*Note: This is an abbreviated Project Idea, without notes to start your background research, a specific list of materials, or a procedure for how to do the experiment. You can identify abbreviated Project Ideas by the asterisk at the end of the title. If you want a Project Idea with full instructions, please pick one without an asterisk.
Minerals are sometimes precious, like diamonds. But most minerals are very common, like sodium, which is found in salt. How are minerals found and identified? How are our mineral resources distributed? Visit the USGS Mineral Resource Program to find mineral resources in your state. How are satellite images used to identify potential mineral sources? You can also find out how minerals are identified using spectroscopy. How are potentially harmful minerals, like mercury, dealt with? Visit the Mineralogical Society of America to learn how to identify minerals. They also have a database of crystal structures for different minerals. How do crystal structures of different minerals compare? (USGS, 2006; MSA 2006)
What was the most important thing you learned?
There are many different types of geodes and you need to give yourself a lot of time if you want to have a good project and if you work hard and try your best you will ALWAYS succeed.
What problems did you encounter?
It was very hard to find some of the rarer minerals.
Can you suggest any improvements or ideas?
Try doing 5 different minerals if you have about 1-2 weeks.
Overall, how would you rate the quality of this project?
What is your enthusiasm for science after doing your project?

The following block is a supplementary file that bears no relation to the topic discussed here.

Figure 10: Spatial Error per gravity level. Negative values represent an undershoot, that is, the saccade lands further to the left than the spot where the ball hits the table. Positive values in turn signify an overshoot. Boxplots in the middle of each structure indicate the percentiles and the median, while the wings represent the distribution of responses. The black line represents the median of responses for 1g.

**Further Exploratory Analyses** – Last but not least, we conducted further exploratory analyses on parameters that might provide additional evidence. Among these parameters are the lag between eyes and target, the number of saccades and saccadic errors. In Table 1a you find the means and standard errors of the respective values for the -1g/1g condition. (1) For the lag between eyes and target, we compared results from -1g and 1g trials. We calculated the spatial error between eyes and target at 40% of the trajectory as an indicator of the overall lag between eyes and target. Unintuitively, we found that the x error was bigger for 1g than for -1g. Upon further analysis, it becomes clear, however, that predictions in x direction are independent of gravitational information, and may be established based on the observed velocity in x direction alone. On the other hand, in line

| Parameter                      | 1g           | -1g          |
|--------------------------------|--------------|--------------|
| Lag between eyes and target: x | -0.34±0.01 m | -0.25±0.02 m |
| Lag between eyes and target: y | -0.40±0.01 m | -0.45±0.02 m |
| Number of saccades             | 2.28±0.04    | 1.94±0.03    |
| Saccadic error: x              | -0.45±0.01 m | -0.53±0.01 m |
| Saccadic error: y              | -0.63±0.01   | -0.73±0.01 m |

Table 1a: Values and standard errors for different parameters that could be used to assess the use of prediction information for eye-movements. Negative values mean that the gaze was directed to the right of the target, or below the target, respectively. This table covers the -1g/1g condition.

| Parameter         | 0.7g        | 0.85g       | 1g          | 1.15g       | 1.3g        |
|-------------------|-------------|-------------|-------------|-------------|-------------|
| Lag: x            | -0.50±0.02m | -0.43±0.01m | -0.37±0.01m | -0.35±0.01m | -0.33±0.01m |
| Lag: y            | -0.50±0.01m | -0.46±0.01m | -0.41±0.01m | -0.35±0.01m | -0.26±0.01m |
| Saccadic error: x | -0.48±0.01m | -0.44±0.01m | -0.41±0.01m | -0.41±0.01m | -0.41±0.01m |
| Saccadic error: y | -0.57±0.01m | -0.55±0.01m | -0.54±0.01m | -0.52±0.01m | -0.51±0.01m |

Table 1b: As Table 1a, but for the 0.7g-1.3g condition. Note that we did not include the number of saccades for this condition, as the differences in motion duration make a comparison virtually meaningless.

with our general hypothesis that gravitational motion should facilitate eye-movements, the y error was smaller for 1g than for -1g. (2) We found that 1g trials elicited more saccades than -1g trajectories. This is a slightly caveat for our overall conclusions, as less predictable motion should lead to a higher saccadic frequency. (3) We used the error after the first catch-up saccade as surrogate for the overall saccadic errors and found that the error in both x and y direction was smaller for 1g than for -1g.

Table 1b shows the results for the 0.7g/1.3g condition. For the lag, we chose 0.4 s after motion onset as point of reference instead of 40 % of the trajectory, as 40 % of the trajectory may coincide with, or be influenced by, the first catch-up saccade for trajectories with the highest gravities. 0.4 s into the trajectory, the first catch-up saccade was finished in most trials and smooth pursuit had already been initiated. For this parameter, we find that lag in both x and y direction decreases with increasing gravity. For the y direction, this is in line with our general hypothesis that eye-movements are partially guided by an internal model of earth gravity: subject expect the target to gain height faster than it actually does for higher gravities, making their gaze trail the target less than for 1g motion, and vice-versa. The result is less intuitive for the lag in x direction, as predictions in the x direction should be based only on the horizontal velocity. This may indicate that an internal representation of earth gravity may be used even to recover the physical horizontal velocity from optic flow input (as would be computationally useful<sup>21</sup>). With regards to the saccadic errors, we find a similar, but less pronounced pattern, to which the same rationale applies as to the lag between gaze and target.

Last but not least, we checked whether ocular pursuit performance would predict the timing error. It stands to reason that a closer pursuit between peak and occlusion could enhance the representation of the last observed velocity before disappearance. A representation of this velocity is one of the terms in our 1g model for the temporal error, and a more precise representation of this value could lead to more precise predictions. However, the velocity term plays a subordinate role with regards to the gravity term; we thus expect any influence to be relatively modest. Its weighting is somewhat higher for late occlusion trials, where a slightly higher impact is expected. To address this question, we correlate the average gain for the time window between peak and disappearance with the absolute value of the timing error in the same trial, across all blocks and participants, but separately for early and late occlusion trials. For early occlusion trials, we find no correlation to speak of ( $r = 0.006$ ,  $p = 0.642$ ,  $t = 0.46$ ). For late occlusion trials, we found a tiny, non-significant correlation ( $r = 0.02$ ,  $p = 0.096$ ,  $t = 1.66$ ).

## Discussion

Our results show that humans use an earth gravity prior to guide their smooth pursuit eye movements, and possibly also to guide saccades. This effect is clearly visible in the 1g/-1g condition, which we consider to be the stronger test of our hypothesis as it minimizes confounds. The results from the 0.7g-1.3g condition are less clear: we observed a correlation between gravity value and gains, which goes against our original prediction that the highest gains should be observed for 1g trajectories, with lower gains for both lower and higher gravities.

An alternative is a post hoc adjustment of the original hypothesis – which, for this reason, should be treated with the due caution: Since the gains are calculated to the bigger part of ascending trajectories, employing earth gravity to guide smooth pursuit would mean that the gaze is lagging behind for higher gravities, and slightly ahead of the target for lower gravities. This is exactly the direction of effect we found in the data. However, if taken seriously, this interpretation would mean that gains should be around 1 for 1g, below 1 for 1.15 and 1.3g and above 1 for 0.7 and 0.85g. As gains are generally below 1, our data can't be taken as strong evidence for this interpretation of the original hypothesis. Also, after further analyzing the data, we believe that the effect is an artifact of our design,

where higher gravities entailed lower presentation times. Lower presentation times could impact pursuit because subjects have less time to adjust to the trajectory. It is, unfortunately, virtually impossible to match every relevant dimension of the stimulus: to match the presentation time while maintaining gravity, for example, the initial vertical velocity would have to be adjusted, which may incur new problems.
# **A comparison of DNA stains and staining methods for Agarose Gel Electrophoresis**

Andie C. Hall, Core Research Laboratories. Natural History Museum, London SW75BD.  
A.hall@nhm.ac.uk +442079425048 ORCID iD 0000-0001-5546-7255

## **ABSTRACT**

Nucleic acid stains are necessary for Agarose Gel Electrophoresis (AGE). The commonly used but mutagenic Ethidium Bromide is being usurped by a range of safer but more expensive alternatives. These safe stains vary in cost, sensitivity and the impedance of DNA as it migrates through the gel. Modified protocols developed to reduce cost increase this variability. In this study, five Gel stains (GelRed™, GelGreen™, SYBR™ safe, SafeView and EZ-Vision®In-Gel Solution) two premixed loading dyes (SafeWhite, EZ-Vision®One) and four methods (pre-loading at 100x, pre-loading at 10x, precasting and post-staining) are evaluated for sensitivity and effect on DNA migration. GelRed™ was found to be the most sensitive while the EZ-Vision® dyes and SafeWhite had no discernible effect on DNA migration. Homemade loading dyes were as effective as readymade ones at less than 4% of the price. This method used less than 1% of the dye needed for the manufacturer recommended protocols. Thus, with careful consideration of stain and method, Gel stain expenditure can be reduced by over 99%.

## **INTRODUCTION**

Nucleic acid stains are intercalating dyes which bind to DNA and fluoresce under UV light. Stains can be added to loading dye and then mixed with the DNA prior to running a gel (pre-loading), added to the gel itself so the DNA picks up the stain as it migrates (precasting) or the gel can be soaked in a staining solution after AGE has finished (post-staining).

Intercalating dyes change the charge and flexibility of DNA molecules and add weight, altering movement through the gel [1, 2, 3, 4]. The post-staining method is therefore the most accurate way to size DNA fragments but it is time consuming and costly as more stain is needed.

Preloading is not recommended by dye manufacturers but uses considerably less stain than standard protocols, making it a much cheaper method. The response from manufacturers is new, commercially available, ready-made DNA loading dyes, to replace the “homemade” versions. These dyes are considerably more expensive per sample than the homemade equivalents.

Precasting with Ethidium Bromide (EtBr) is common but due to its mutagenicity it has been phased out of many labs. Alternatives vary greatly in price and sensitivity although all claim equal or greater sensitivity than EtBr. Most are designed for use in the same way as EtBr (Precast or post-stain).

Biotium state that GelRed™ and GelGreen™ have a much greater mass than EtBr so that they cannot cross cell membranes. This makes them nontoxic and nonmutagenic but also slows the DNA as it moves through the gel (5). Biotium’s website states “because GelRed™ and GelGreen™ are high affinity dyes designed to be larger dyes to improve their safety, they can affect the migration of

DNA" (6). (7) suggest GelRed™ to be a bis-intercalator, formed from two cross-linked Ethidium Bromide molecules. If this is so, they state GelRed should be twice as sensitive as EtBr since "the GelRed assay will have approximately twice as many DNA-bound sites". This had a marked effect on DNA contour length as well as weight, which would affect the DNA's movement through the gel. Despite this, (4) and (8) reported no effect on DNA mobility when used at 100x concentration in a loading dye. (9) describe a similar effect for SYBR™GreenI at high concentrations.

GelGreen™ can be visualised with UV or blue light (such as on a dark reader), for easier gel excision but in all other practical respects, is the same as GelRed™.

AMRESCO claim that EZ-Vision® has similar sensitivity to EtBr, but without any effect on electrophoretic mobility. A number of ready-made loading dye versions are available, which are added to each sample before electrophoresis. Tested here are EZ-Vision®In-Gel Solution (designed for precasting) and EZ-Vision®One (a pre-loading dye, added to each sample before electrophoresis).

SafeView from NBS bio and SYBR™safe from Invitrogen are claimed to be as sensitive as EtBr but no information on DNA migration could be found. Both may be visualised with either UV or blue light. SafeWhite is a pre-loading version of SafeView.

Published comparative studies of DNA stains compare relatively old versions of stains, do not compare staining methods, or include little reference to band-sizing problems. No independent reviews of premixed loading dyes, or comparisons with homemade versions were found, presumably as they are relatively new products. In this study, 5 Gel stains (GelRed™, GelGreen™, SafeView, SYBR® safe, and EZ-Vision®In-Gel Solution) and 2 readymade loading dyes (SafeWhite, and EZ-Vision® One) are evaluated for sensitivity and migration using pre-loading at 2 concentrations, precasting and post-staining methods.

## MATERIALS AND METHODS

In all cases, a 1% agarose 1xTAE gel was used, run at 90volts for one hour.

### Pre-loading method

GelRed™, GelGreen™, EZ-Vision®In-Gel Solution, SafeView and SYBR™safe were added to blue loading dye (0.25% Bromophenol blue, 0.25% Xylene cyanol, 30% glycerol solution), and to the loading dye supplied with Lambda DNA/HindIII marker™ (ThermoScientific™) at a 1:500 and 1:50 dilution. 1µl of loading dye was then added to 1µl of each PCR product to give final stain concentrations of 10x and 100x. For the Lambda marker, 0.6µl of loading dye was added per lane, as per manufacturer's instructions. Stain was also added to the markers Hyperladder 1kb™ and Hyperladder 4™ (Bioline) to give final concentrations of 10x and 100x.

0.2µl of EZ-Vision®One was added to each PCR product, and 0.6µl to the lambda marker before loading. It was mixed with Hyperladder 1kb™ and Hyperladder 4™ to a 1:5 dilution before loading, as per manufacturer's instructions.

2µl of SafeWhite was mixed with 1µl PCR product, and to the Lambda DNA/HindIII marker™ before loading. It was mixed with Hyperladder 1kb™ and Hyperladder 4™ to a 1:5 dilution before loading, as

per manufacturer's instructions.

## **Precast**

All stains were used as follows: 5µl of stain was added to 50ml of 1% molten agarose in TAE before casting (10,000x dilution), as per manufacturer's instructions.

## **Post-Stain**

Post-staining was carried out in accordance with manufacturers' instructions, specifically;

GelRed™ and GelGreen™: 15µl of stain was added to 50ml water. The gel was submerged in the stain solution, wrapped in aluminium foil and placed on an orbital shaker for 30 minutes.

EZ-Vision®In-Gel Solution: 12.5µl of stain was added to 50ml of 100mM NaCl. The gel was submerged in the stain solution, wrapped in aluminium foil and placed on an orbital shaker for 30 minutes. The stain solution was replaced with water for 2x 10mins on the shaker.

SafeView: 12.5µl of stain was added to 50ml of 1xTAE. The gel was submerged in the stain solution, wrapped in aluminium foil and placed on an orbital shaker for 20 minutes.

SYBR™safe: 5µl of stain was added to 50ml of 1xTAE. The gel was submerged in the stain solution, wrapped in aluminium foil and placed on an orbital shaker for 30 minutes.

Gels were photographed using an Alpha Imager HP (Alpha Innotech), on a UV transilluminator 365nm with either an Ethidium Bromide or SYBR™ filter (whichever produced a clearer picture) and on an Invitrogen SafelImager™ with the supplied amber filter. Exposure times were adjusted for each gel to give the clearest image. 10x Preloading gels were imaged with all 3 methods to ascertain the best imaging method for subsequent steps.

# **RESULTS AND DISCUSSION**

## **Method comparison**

Compared to a typical science class, please tell us how much you learned doing this project.
The Ask an Expert Forum is intended to be a place where students can go to find answers to science questions that they have been unable to find using other resources. If you have specific questions about your science fair project or science fair, our team of volunteer scientists can help. Our Experts won't do the work for you, but they will make suggestions, offer guidance, and help you troubleshoot.
If you like this project, you might enjoy exploring these related careers:
Just as a doctor uses tools and techniques, like X-rays and stethoscopes, to look inside the human body, geoscientists explore deep inside a much bigger patient—planet Earth. Geoscientists seek to better understand our planet, and to discover natural resources, like water, minerals, and petroleum oil, which are used in everything from shoes, fabrics, roads, roofs, and lotions to fertilizers, food packaging, ink, and CD's. The work of geoscientists affects everyone and everything.
Remote Sensing Scientist or Technologist
Have you ever climbed up high in a tree and then looked at your surroundings? You can learn a lot about your neighborhood by looking down on it. You can see who has a garden, who has a pool, who needs to water their plants, and how your neighbors live. Remote sensing scientists or technologists do a similar thing, except on a larger scale. These professionals apply the principles and methods of remote sensing (using sensors) to analyze data and solve regional, national, and global problems in areas such as natural resource management, urban planning, and climate and weather prediction. Because remote sensing scientists or technologists use a variety of tools, including radio detection and ranging (radar) and light detection and ranging (lidar), to collect data and then store the data in databases, they must be familiar with several different kinds of technologies.
Everything in the environment, whether naturally occurring or of human design, is composed of chemicals. Chemists search for and use new knowledge about chemicals to develop new processes or products.
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